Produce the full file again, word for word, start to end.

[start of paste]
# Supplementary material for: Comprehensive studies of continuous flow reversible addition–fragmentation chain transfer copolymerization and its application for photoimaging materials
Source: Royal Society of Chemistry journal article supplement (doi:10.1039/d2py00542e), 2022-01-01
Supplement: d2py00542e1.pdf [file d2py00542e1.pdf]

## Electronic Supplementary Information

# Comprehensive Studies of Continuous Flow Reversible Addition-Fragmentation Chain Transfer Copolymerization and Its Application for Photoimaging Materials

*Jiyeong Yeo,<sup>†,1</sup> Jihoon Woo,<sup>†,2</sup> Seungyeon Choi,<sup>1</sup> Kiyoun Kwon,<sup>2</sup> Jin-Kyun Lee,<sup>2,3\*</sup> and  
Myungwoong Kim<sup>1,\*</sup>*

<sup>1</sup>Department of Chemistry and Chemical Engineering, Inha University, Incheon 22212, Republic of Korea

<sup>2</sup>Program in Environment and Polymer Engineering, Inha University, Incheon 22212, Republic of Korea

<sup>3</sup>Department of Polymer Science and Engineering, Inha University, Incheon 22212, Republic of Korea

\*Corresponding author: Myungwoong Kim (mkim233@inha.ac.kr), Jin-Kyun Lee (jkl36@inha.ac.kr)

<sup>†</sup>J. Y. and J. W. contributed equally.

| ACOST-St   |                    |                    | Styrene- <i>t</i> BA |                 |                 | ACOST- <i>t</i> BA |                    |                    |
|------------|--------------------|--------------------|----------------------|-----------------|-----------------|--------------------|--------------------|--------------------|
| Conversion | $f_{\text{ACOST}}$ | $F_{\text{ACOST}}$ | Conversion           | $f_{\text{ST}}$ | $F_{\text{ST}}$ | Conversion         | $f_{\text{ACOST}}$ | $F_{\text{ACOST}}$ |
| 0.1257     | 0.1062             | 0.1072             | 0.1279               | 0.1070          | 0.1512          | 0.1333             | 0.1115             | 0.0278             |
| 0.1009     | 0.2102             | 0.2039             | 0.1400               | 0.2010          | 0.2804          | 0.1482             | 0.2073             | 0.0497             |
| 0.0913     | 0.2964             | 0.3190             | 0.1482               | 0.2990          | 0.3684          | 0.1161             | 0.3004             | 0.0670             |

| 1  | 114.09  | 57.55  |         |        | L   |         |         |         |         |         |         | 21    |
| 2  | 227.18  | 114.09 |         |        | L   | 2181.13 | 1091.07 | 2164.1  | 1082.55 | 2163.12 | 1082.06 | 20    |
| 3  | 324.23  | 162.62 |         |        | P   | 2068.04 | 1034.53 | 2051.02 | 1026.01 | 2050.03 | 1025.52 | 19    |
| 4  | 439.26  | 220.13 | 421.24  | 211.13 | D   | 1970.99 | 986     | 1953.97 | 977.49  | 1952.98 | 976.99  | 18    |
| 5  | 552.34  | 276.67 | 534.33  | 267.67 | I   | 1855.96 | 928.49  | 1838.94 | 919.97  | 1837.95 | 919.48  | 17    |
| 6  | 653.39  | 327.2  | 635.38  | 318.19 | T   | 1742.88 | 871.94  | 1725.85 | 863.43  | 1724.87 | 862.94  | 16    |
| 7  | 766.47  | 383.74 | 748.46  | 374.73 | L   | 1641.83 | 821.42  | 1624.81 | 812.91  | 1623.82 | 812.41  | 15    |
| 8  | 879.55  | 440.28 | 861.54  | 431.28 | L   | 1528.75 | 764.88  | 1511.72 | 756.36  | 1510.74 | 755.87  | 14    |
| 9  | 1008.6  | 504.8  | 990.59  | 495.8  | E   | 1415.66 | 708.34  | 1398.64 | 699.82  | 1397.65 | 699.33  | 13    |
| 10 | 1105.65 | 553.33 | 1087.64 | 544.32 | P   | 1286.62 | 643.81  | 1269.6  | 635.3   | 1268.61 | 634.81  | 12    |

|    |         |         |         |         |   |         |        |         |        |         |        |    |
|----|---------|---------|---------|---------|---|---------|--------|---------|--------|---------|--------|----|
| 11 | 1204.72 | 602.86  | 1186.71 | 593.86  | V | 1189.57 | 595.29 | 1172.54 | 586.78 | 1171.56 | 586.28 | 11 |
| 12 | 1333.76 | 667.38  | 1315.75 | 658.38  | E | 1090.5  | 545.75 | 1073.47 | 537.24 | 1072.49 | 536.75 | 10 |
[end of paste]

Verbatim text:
# Supplementary material for: Comprehensive studies of continuous flow reversible addition–fragmentation chain transfer copolymerization and its application for photoimaging materials
Source: Royal Society of Chemistry journal article supplement (doi:10.1039/d2py00542e), 2022-01-01
Supplement: d2py00542e1.pdf [file d2py00542e1.pdf]

## Electronic Supplementary Information

# Comprehensive Studies of Continuous Flow Reversible Addition-Fragmentation Chain Transfer Copolymerization and Its Application for Photoimaging Materials

*Jiyeong Yeo,<sup>†,1</sup> Jihoon Woo,<sup>†,2</sup> Seungyeon Choi,<sup>1</sup> Kiyoun Kwon,<sup>2</sup> Jin-Kyun Lee,<sup>2,3\*</sup> and  
Myungwoong Kim<sup>1,\*</sup>*

<sup>1</sup>Department of Chemistry and Chemical Engineering, Inha University, Incheon 22212, Republic of Korea

<sup>2</sup>Program in Environment and Polymer Engineering, Inha University, Incheon 22212, Republic of Korea

<sup>3</sup>Department of Polymer Science and Engineering, Inha University, Incheon 22212, Republic of Korea

\*Corresponding author: Myungwoong Kim (mkim233@inha.ac.kr), Jin-Kyun Lee (jkl36@inha.ac.kr)

<sup>†</sup>J. Y. and J. W. contributed equally.

| ACOST-St   |                    |                    | Styrene- <i>t</i> BA |                 |                 | ACOST- <i>t</i> BA |                    |                    |
|------------|--------------------|--------------------|----------------------|-----------------|-----------------|--------------------|--------------------|--------------------|
| Conversion | $f_{\text{ACOST}}$ | $F_{\text{ACOST}}$ | Conversion           | $f_{\text{ST}}$ | $F_{\text{ST}}$ | Conversion         | $f_{\text{ACOST}}$ | $F_{\text{ACOST}}$ |
| 0.1257     | 0.1062             | 0.1072             | 0.1279               | 0.1070          | 0.1512          | 0.1333             | 0.1115             | 0.0278             |
| 0.1009     | 0.2102             | 0.2039             | 0.1400               | 0.2010          | 0.2804          | 0.1482             | 0.2073             | 0.0497             |
| 0.0913     | 0.2964             | 0.3190             | 0.1482               | 0.2990          | 0.3684          | 0.1161             | 0.3004             | 0.0670             |

| 1  | 114.09  | 57.55  |         |        | L   |         |         |         |         |         |         | 21    |
| 2  | 227.18  | 114.09 |         |        | L   | 2181.13 | 1091.07 | 2164.1  | 1082.55 | 2163.12 | 1082.06 | 20    |
| 3  | 324.23  | 162.62 |         |        | P   | 2068.04 | 1034.53 | 2051.02 | 1026.01 | 2050.03 | 1025.52 | 19    |
| 4  | 439.26  | 220.13 | 421.24  | 211.13 | D   | 1970.99 | 986     | 1953.97 | 977.49  | 1952.98 | 976.99  | 18    |
| 5  | 552.34  | 276.67 | 534.33  | 267.67 | I   | 1855.96 | 928.49  | 1838.94 | 919.97  | 1837.95 | 919.48  | 17    |
| 6  | 653.39  | 327.2  | 635.38  | 318.19 | T   | 1742.88 | 871.94  | 1725.85 | 863.43  | 1724.87 | 862.94  | 16    |
| 7  | 766.47  | 383.74 | 748.46  | 374.73 | L   | 1641.83 | 821.42  | 1624.81 | 812.91  | 1623.82 | 812.41  | 15    |
| 8  | 879.55  | 440.28 | 861.54  | 431.28 | L   | 1528.75 | 764.88  | 1511.72 | 756.36  | 1510.74 | 755.87  | 14    |
| 9  | 1008.6  | 504.8  | 990.59  | 495.8  | E   | 1415.66 | 708.34  | 1398.64 | 699.82  | 1397.65 | 699.33  | 13    |
| 10 | 1105.65 | 553.33 | 1087.64 | 544.32 | P   | 1286.62 | 643.81  | 1269.6  | 635.3   | 1268.61 | 634.81  | 12    |

|    |         |         |         |         |   |         |        |         |        |         |        |    |
|----|---------|---------|---------|---------|---|---------|--------|---------|--------|---------|--------|----|
| 11 | 1204.72 | 602.86  | 1186.71 | 593.86  | V | 1189.57 | 595.29 | 1172.54 | 586.78 | 1171.56 | 586.28 | 11 |
| 12 | 1333.76 | 667.38  | 1315.75 | 658.38  | E | 1090.5  | 545.75 | 1073.47 | 537.24 | 1072.49 | 536.75 | 10 |